The Direct to Video Connoisseur

I'm a huge fan of action, horror, sci-fi, and comedy, especially of the Direct to Video variety. In this blog I review some of my favorites and not so favorites, and encourage people to comment and add to the discussion. If you click on an image, it will take you to that post's image page, which includes many more pics from the film and other goodies I couldn't fit in the actual review. For announcements and updates, don't forget to Follow us on Twitter and Like our Facebook page. If you're the director, producer, distributor, etc. of a low-budget feature length film and you'd like to send me a copy to review, you can contact me at dtvconnoisseur[at] I'd love to check out what you got.



Hi everyone, it's been a while since I checked the page, and I wanted to make a few announcements.

First and foremost, it appears a dubious site has claimed the old url, meaning any link in any review that goes to the old mattmovieguy url is corrupt. I'm in the process of trying to remove them all, but it's a lot! It's best not to click on any link without hovering over it first to make sure it doesn't have mattmovieguy in the url.

Second, it appears since my last trip to the blog, Photobucket has decided to charge for third party hosting, meaning none of my images are appearing anymore. That's simply an aesthetic issue, but still annoying.

Thank you all for your patience, and again, hopefully this will all be fixed soon.


Saturday, October 6, 2007

Blackjack (1998)

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I first saw this movie as a USA Original Pictures, I guess back in 1998 when imdb said it came out. A buddy of mine, who's also a Dolph Lundgren fanatic, hadn't seen it, I knew he needed to. Fortunately I found a used copy at a local record store for $1.98. Even though I didn't have the cash, they let me use my debit card. I think that's what Visa should have for it's commercials: people like me finding Dolph Lundgren films at really low prices without any cash on hand to buy them. That's way cooler than those stupid ads with bad music that show people holding up lines because they're not paying with Visa. But I totally digress.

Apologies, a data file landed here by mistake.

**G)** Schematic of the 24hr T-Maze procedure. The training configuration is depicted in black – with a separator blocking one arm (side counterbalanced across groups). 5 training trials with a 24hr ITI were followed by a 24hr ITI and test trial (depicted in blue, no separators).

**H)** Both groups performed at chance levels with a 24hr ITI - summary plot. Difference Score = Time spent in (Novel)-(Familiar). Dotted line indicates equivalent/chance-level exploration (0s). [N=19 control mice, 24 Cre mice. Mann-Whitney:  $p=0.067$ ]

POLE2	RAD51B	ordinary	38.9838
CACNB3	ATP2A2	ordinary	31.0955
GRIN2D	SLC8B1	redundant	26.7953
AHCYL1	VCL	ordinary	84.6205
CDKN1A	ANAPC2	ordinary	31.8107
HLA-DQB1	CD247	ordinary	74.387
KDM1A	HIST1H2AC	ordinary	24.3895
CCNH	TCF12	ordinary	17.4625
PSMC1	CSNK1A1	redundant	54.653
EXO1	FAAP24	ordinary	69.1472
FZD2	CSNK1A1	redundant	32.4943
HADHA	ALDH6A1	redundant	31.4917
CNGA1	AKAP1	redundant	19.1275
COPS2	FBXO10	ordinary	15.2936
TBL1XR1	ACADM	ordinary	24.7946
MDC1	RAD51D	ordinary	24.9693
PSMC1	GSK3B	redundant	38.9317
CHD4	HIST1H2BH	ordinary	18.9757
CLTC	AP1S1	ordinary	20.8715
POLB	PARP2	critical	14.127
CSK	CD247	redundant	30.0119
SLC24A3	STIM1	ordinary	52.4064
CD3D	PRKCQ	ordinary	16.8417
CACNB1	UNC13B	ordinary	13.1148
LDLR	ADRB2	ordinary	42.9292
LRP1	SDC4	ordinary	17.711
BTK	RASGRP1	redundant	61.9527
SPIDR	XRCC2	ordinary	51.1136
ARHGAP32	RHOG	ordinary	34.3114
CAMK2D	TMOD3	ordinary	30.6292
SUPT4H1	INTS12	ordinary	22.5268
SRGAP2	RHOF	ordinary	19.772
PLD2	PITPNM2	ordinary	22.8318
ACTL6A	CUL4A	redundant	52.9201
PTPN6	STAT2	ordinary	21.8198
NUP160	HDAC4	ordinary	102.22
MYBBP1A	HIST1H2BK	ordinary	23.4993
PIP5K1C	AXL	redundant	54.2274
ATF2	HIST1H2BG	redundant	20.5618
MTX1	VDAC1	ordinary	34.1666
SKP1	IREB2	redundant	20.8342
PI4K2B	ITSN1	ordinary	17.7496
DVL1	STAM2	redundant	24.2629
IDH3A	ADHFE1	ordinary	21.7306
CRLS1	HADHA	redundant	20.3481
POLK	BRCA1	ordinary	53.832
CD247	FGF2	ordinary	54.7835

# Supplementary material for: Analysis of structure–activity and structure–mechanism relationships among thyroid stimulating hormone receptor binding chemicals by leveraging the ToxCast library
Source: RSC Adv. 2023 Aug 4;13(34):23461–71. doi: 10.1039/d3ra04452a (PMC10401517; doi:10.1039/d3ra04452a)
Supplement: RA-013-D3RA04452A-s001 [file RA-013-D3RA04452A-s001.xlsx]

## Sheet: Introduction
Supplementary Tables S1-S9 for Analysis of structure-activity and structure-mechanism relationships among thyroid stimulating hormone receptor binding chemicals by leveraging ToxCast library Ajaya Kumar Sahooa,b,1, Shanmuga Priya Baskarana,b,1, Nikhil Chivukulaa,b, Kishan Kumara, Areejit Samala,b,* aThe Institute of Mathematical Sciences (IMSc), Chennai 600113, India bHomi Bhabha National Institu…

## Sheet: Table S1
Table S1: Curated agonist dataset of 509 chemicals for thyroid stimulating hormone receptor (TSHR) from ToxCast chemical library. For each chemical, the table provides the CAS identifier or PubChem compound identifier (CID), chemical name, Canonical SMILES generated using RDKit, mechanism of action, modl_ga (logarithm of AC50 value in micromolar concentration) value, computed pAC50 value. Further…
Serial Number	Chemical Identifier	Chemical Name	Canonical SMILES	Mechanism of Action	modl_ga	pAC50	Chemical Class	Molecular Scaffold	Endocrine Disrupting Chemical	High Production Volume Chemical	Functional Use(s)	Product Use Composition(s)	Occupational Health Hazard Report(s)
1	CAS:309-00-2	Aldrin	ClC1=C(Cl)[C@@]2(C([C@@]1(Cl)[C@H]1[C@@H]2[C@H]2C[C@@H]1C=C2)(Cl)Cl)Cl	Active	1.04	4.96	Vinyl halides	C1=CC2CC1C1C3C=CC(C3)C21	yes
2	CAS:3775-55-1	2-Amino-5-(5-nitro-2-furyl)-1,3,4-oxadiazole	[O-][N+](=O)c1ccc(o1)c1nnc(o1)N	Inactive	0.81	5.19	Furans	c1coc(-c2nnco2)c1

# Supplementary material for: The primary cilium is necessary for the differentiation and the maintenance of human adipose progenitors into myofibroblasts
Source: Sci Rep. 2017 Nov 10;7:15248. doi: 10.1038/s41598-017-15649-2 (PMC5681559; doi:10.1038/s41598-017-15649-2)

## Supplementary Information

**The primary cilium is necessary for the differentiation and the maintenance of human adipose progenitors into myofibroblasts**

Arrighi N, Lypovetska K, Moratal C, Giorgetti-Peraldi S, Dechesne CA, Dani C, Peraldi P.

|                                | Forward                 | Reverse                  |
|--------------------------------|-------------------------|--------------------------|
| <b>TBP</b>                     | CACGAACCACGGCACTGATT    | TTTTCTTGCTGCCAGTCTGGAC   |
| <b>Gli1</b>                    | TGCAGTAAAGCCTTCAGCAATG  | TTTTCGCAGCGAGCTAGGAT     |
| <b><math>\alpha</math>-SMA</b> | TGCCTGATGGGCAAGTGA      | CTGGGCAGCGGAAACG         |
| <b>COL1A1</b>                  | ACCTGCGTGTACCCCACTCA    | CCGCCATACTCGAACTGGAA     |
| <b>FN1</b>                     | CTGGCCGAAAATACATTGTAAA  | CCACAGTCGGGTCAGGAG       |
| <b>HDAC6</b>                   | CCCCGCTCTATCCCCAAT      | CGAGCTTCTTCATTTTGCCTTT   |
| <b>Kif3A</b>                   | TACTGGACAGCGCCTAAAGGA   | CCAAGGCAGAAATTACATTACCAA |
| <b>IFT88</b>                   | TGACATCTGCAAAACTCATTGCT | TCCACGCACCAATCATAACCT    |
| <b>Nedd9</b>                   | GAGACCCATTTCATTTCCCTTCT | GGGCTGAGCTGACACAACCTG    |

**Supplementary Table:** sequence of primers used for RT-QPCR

Blackjack sees DTVC Hall of Famer Dolph Lundgren collaborating with famed action director John Woo. He's Jack Devlin, a former US Marshall or something who has a bad experience protecting a man and his family and now is afraid of white. Or maybe he was always afraid of it because the car he drove with his dad was white, and he got his dad killed by not seeing his signal. Or maybe it wasn't his fault because the Zippo used by the dad to signal Dolph was bad. I don't know, whatever. Anyway, Fred Williamson is a private bodyguard type who gets injured protecting a supermodel from a preposterously sophisticated stalker. Dolph, who's a close friend of Freddy's (who wouldn't be), takes over the case. In the meantime, he's taking care of the girl whose dad he couldn't protect earlier, which led to the whole not liking white thing. Finally he overcomes his fear and beats the absurdly sophisticated stalker.